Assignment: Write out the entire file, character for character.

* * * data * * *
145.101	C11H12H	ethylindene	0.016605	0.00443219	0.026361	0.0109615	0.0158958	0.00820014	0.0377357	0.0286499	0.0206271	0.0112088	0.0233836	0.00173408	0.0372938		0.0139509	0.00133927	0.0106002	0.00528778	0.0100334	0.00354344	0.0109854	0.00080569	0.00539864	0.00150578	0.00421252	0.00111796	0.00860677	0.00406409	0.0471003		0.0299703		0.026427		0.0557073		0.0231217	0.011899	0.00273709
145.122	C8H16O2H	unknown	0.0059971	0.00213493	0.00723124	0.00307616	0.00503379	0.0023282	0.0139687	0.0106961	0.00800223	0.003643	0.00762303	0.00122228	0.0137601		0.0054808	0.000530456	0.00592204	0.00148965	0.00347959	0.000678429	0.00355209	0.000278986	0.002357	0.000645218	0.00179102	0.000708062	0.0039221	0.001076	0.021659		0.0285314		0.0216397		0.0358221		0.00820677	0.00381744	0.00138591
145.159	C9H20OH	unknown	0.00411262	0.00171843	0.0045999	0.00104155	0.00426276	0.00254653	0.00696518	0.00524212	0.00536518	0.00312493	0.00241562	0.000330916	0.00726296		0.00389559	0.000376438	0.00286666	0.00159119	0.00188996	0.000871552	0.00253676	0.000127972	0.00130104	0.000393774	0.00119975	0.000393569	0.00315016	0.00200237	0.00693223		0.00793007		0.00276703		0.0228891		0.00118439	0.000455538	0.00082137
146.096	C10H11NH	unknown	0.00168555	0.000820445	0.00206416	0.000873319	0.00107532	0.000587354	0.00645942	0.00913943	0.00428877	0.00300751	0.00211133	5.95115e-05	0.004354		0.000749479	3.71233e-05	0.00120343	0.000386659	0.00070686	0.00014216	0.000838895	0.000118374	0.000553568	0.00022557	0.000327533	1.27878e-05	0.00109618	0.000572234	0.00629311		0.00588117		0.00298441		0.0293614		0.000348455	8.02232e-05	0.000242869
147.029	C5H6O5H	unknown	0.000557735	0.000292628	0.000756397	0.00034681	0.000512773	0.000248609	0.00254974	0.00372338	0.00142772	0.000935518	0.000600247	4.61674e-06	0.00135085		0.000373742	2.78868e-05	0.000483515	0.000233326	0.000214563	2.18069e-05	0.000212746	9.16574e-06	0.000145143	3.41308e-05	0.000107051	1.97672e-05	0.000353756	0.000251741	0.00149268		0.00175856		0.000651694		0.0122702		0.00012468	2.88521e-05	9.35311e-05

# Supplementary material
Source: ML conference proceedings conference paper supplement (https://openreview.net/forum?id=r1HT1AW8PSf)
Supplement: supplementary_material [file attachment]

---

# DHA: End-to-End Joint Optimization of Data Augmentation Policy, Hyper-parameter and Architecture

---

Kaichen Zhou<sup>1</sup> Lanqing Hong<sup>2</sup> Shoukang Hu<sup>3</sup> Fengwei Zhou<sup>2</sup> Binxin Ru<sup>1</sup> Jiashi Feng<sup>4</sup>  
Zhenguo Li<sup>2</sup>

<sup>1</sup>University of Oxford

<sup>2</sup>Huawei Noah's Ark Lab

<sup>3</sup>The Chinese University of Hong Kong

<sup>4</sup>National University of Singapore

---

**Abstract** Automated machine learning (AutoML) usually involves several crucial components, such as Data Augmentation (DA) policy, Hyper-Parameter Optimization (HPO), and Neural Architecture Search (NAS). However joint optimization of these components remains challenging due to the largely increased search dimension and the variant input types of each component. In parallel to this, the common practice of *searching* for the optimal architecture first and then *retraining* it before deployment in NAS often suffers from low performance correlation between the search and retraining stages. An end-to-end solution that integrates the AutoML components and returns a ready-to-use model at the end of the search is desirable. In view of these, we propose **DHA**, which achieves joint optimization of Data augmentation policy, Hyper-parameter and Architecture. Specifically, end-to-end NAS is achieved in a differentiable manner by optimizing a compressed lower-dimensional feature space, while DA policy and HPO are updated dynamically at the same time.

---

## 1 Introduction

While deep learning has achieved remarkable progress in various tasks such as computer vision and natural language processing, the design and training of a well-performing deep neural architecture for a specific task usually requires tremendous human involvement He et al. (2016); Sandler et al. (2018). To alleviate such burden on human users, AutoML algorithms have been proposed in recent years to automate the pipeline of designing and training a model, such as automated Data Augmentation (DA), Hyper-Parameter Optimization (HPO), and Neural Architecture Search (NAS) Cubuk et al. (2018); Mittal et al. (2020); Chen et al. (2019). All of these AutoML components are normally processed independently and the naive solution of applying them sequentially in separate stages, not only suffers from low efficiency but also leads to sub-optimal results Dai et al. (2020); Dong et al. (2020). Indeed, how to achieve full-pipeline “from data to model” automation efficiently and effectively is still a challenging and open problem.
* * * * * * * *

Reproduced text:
145.101	C11H12H	ethylindene	0.016605	0.00443219	0.026361	0.0109615	0.0158958	0.00820014	0.0377357	0.0286499	0.0206271	0.0112088	0.0233836	0.00173408	0.0372938		0.0139509	0.00133927	0.0106002	0.00528778	0.0100334	0.00354344	0.0109854	0.00080569	0.00539864	0.00150578	0.00421252	0.00111796	0.00860677	0.00406409	0.0471003		0.0299703		0.026427		0.0557073		0.0231217	0.011899	0.00273709
145.122	C8H16O2H	unknown	0.0059971	0.00213493	0.00723124	0.00307616	0.00503379	0.0023282	0.0139687	0.0106961	0.00800223	0.003643	0.00762303	0.00122228	0.0137601		0.0054808	0.000530456	0.00592204	0.00148965	0.00347959	0.000678429	0.00355209	0.000278986	0.002357	0.000645218	0.00179102	0.000708062	0.0039221	0.001076	0.021659		0.0285314		0.0216397		0.0358221		0.00820677	0.00381744	0.00138591
145.159	C9H20OH	unknown	0.00411262	0.00171843	0.0045999	0.00104155	0.00426276	0.00254653	0.00696518	0.00524212	0.00536518	0.00312493	0.00241562	0.000330916	0.00726296		0.00389559	0.000376438	0.00286666	0.00159119	0.00188996	0.000871552	0.00253676	0.000127972	0.00130104	0.000393774	0.00119975	0.000393569	0.00315016	0.00200237	0.00693223		0.00793007		0.00276703		0.0228891		0.00118439	0.000455538	0.00082137
146.096	C10H11NH	unknown	0.00168555	0.000820445	0.00206416	0.000873319	0.00107532	0.000587354	0.00645942	0.00913943	0.00428877	0.00300751	0.00211133	5.95115e-05	0.004354		0.000749479	3.71233e-05	0.00120343	0.000386659	0.00070686	0.00014216	0.000838895	0.000118374	0.000553568	0.00022557	0.000327533	1.27878e-05	0.00109618	0.000572234	0.00629311		0.00588117		0.00298441		0.0293614		0.000348455	8.02232e-05	0.000242869
147.029	C5H6O5H	unknown	0.000557735	0.000292628	0.000756397	0.00034681	0.000512773	0.000248609	0.00254974	0.00372338	0.00142772	0.000935518	0.000600247	4.61674e-06	0.00135085		0.000373742	2.78868e-05	0.000483515	0.000233326	0.000214563	2.18069e-05	0.000212746	9.16574e-06	0.000145143	3.41308e-05	0.000107051	1.97672e-05	0.000353756	0.000251741	0.00149268		0.00175856		0.000651694		0.0122702		0.00012468	2.88521e-05	9.35311e-05

# Supplementary material
Source: ML conference proceedings conference paper supplement (https://openreview.net/forum?id=r1HT1AW8PSf)
Supplement: supplementary_material [file attachment]

---

# DHA: End-to-End Joint Optimization of Data Augmentation Policy, Hyper-parameter and Architecture

---

Kaichen Zhou<sup>1</sup> Lanqing Hong<sup>2</sup> Shoukang Hu<sup>3</sup> Fengwei Zhou<sup>2</sup> Binxin Ru<sup>1</sup> Jiashi Feng<sup>4</sup>  
Zhenguo Li<sup>2</sup>

<sup>1</sup>University of Oxford

<sup>2</sup>Huawei Noah's Ark Lab

<sup>3</sup>The Chinese University of Hong Kong

<sup>4</sup>National University of Singapore

---

**Abstract** Automated machine learning (AutoML) usually involves several crucial components, such as Data Augmentation (DA) policy, Hyper-Parameter Optimization (HPO), and Neural Architecture Search (NAS). However joint optimization of these components remains challenging due to the largely increased search dimension and the variant input types of each component. In parallel to this, the common practice of *searching* for the optimal architecture first and then *retraining* it before deployment in NAS often suffers from low performance correlation between the search and retraining stages. An end-to-end solution that integrates the AutoML components and returns a ready-to-use model at the end of the search is desirable. In view of these, we propose **DHA**, which achieves joint optimization of Data augmentation policy, Hyper-parameter and Architecture. Specifically, end-to-end NAS is achieved in a differentiable manner by optimizing a compressed lower-dimensional feature space, while DA policy and HPO are updated dynamically at the same time.

---

## 1 Introduction

While deep learning has achieved remarkable progress in various tasks such as computer vision and natural language processing, the design and training of a well-performing deep neural architecture for a specific task usually requires tremendous human involvement He et al. (2016); Sandler et al. (2018). To alleviate such burden on human users, AutoML algorithms have been proposed in recent years to automate the pipeline of designing and training a model, such as automated Data Augmentation (DA), Hyper-Parameter Optimization (HPO), and Neural Architecture Search (NAS) Cubuk et al. (2018); Mittal et al. (2020); Chen et al. (2019). All of these AutoML components are normally processed independently and the naive solution of applying them sequentially in separate stages, not only suffers from low efficiency but also leads to sub-optimal results Dai et al. (2020); Dong et al. (2020). Indeed, how to achieve full-pipeline “from data to model” automation efficiently and effectively is still a challenging and open problem.